Shopping Center Business

MAY 2016

Shopping Center Business is the leading monthly business magazine for the retail real estate industry.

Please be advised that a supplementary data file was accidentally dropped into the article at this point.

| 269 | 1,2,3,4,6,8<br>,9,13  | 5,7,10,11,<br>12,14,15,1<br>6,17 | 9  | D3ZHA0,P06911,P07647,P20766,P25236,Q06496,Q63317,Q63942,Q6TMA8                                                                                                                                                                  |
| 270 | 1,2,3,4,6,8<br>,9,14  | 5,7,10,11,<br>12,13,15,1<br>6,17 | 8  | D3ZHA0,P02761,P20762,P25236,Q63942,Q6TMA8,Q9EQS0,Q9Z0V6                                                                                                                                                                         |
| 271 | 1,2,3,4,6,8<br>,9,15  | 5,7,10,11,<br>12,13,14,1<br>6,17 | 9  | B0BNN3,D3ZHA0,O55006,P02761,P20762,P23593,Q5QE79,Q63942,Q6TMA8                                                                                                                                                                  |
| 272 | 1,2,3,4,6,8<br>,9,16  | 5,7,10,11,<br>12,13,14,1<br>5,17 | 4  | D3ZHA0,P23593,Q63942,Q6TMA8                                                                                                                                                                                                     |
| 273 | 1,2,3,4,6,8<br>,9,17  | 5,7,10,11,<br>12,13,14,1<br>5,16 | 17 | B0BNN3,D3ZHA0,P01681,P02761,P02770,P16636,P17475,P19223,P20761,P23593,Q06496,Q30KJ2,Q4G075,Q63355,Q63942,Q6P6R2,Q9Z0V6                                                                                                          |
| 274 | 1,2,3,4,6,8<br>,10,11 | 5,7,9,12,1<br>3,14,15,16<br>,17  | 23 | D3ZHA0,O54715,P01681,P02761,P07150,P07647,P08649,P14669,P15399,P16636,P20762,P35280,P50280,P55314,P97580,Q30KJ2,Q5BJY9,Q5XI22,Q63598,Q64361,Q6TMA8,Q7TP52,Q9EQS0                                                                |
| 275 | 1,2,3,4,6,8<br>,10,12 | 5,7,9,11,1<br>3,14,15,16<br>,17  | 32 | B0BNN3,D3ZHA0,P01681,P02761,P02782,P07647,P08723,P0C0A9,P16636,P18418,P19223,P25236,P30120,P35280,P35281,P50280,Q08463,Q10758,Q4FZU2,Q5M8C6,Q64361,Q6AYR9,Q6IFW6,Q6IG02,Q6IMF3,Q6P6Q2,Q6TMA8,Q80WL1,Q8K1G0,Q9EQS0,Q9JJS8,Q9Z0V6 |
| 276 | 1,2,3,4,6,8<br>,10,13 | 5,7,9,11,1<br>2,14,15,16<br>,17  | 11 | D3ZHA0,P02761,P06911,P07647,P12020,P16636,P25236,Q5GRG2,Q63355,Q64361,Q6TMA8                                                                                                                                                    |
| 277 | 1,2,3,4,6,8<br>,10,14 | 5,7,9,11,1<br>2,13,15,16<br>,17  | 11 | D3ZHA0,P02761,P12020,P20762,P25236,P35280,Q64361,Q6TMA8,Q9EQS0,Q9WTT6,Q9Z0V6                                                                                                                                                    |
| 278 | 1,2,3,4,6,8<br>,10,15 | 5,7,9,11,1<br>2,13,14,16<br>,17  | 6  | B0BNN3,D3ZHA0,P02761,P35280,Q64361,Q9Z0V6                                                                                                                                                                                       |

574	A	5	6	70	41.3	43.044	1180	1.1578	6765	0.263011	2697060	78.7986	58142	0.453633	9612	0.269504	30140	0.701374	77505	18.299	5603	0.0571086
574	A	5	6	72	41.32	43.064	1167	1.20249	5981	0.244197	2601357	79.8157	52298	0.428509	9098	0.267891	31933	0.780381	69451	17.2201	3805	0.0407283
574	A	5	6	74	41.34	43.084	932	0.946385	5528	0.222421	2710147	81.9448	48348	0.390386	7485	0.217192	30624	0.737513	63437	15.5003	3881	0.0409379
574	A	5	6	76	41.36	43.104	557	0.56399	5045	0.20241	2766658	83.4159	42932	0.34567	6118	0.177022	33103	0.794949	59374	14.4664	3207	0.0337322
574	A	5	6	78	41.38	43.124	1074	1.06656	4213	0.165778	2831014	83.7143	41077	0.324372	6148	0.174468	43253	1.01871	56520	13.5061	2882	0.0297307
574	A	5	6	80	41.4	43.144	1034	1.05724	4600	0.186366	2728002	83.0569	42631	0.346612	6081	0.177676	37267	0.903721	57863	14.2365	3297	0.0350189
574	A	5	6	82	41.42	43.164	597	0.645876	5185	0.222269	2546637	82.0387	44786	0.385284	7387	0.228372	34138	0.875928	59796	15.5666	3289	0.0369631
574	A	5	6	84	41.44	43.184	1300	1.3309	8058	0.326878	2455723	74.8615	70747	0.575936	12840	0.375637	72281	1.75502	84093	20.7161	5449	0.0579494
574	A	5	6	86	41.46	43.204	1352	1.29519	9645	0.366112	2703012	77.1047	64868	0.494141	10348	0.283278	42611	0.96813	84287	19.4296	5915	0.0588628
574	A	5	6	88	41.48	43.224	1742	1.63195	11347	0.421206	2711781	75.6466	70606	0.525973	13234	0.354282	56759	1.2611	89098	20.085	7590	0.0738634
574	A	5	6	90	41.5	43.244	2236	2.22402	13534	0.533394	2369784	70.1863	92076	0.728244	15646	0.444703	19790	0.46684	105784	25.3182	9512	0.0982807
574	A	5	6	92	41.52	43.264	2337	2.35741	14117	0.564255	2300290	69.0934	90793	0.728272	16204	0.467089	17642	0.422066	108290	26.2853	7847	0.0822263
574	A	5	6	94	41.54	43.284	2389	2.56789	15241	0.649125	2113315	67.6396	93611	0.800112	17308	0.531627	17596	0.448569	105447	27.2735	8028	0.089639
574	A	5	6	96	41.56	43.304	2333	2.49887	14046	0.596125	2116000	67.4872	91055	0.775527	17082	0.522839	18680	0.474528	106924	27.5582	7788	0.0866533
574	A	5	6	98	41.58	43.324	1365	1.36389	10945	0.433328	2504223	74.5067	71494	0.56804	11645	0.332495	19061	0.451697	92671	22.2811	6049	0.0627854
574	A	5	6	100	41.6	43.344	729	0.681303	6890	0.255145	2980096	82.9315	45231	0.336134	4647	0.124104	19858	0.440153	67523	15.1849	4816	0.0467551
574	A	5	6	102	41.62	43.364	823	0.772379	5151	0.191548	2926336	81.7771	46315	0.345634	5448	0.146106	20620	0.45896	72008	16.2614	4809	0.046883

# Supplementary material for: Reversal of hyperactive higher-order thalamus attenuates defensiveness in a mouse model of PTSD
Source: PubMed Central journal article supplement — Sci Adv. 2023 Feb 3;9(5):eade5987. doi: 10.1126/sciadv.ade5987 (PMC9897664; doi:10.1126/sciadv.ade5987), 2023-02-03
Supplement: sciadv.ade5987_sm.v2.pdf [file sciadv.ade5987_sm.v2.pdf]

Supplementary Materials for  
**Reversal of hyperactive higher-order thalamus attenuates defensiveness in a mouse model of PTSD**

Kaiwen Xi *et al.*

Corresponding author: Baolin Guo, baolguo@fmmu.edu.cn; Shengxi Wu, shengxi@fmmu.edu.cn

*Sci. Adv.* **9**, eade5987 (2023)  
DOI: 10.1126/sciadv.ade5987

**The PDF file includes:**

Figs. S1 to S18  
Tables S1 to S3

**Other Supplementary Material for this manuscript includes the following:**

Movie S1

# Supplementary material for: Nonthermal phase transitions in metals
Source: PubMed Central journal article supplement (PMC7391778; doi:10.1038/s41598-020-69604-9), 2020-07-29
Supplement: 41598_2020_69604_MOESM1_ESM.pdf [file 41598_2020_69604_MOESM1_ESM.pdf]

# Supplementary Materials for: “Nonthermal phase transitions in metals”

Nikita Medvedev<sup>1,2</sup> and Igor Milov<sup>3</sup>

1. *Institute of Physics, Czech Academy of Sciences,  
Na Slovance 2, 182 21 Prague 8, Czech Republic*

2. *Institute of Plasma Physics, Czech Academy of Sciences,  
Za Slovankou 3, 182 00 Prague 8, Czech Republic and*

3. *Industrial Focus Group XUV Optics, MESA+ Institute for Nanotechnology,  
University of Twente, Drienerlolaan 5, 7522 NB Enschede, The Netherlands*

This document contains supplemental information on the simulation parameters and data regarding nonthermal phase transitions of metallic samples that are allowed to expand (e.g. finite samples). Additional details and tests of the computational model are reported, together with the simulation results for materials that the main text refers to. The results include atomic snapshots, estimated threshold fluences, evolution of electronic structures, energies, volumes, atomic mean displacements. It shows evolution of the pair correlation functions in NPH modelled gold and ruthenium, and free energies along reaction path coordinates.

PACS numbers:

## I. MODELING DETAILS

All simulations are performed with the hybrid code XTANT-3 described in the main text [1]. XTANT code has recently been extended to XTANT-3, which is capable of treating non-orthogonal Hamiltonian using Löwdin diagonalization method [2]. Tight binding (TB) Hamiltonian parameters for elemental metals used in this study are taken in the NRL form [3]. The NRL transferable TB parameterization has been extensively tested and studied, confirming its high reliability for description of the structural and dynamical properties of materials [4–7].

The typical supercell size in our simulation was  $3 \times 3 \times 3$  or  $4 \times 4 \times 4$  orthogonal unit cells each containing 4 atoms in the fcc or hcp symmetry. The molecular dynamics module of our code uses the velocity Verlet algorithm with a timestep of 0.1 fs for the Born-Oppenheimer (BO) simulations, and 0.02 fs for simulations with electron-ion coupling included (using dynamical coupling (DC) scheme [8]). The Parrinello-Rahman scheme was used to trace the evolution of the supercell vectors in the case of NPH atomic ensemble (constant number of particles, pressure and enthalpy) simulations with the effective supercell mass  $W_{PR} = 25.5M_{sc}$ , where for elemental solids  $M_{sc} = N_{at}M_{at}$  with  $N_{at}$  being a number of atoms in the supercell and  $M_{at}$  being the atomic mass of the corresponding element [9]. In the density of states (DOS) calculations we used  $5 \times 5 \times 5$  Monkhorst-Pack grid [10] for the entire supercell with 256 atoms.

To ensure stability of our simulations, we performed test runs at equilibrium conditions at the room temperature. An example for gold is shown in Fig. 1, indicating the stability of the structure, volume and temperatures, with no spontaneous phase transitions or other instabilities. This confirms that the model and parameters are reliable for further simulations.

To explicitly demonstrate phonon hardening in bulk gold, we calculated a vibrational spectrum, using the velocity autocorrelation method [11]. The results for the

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RESTAURANTS 330 • SHOPPING CENTER BUSINESS • May 2016 A s food becomes more of a driver in the retail real estate business, a number of markets have come to the forefront as leaders with the number of chef-driven restaurants and new food concepts. With new food halls, several retail corridors and new projects seem- ingly exploding with new food-based ac- tivity, Washington, D.C., is one of those markets. Shopping Center Business recently interviewed Tom Papadopoulos, founder and principal broker at Washington-based Papadopoulos Properties, to get his take on the industry in his hometown. Papado- poulos has been one of the area's pre-em- inent restaurant brokers for the past 30 years. He is known as a go-to broker for chefs, and he does a majority of new chef-driven restaurant deals in the city. SCB: The restaurant climate in Washing- ton, D.C., right now is incredibly active. How has it changed in the last 10 years? Papadopoulos: Washington was a steak and potatoes town for many years. Steak- houses really ruled the market here. There was nothing else really too extravagant — maybe two or three fine dining, high-end restaurants. In the last 10 years or so, there has been an influx of groups from all over the country — particularly from New York — that have brought restaurant concepts here. Chefs have become celeb- rities through television, and everybody is clambering to get them. There have been a lot of those guys coming to town. Wash- ington has really become an international restaurant town. SCB: Do you think there was a lot of op- portunity in D.C. for chef-driven concepts because others stayed away? In some ways, Washington has incubated its own restaurants because there were no chains. Papadopoulos: There really weren't any chains. It was always local guys, for the most part, and then everything changed in the last eight to 10 years. We have some of the biggest names in food in town now, and some of the other ones are scouting around. It's always been a good market because of the government, the lobbyists and law firms — there's plenty of money here. We've never really had a recession. We consistently did well. There was a time where the high-end restaurants stopped looking, but other than that it was steady flow. It is a very stable market. SCB: When this restaurant movement started, did it begin in a particular area? Or has it been all parts of town? And where has it spread to since? Papadopoulos: Back in the old days, K Street was sort of restaurant row, and it's moved away from there. When the Veri- zon Center was built — it's probably 12 or 13 years old now — that area just exploded. It really transformed the entire area, and that became the hottest area in town. D.C. now, there are no bad areas in the city. Restaurants are everywhere, and what you find here is, if you open up a restaurant in D.C., and you have a good product and it's a pretty good restaurant, people will find you. You don't have to be at main and main anymore in D.C. There's six or seven areas in the city where restaurants are right now. D.C. is not a big land area, so it's tight for space. If you find a space, and open the right restaurant, you'll be very successful. SCB: What are some of those six or seven areas where they're looking to go? Papadopoulos: The Verizon Center area, Shaw, Logan Circle, the H Street Northeast quarter, even Bloomingdale, which is a smaller area in town now has taken off, the central business district — the old school part of town — has a lot of new restaurants com- ing in. Even Adams Morgan is starting to make a comeback. SCB: Now that the district has seen a lot of success with local concepts and chef-driven restaurants, we notice that suburban retail real estate owners are try- ing to lure some concepts. Is it that they've been so successful downtown, people want them closer to home? Papadopoulos: A lot of chefs have moved out to the suburbs because of demand, and lack of space in the city. Whether it's Tyson's Corner, or the Mo- saic District of Bethesda, or Clarendon and Ballston; most every restaurant that is downtown has moved to those areas. When these restaurants come to town, they located in D.C. first for the most part, and then they mushroom out. There's only so much business you can do in the city. SCB: Has the growth of the local restau- rants caused more national players to en- ter Washington, D.C.? Papadopoulos: The concepts from New York, Los Angeles and Chicago are all looking here. If you are familiar with the City Center project, there are six restaurants in that project, and we placed five out of the six. The only one that we didn't do was Del Frisco's. All of the other restaurants, with the exception of one lo- cal chef, were based out of town. One was an international group. We put in David Chef-Driven Tom Papadopoulos has been a part of the D.C. restaurant market for 30 years. Here, he discusses the market's evolution of becoming one of the nation's best restaurant cities. Interview by Randall Shearin Papadopoulos

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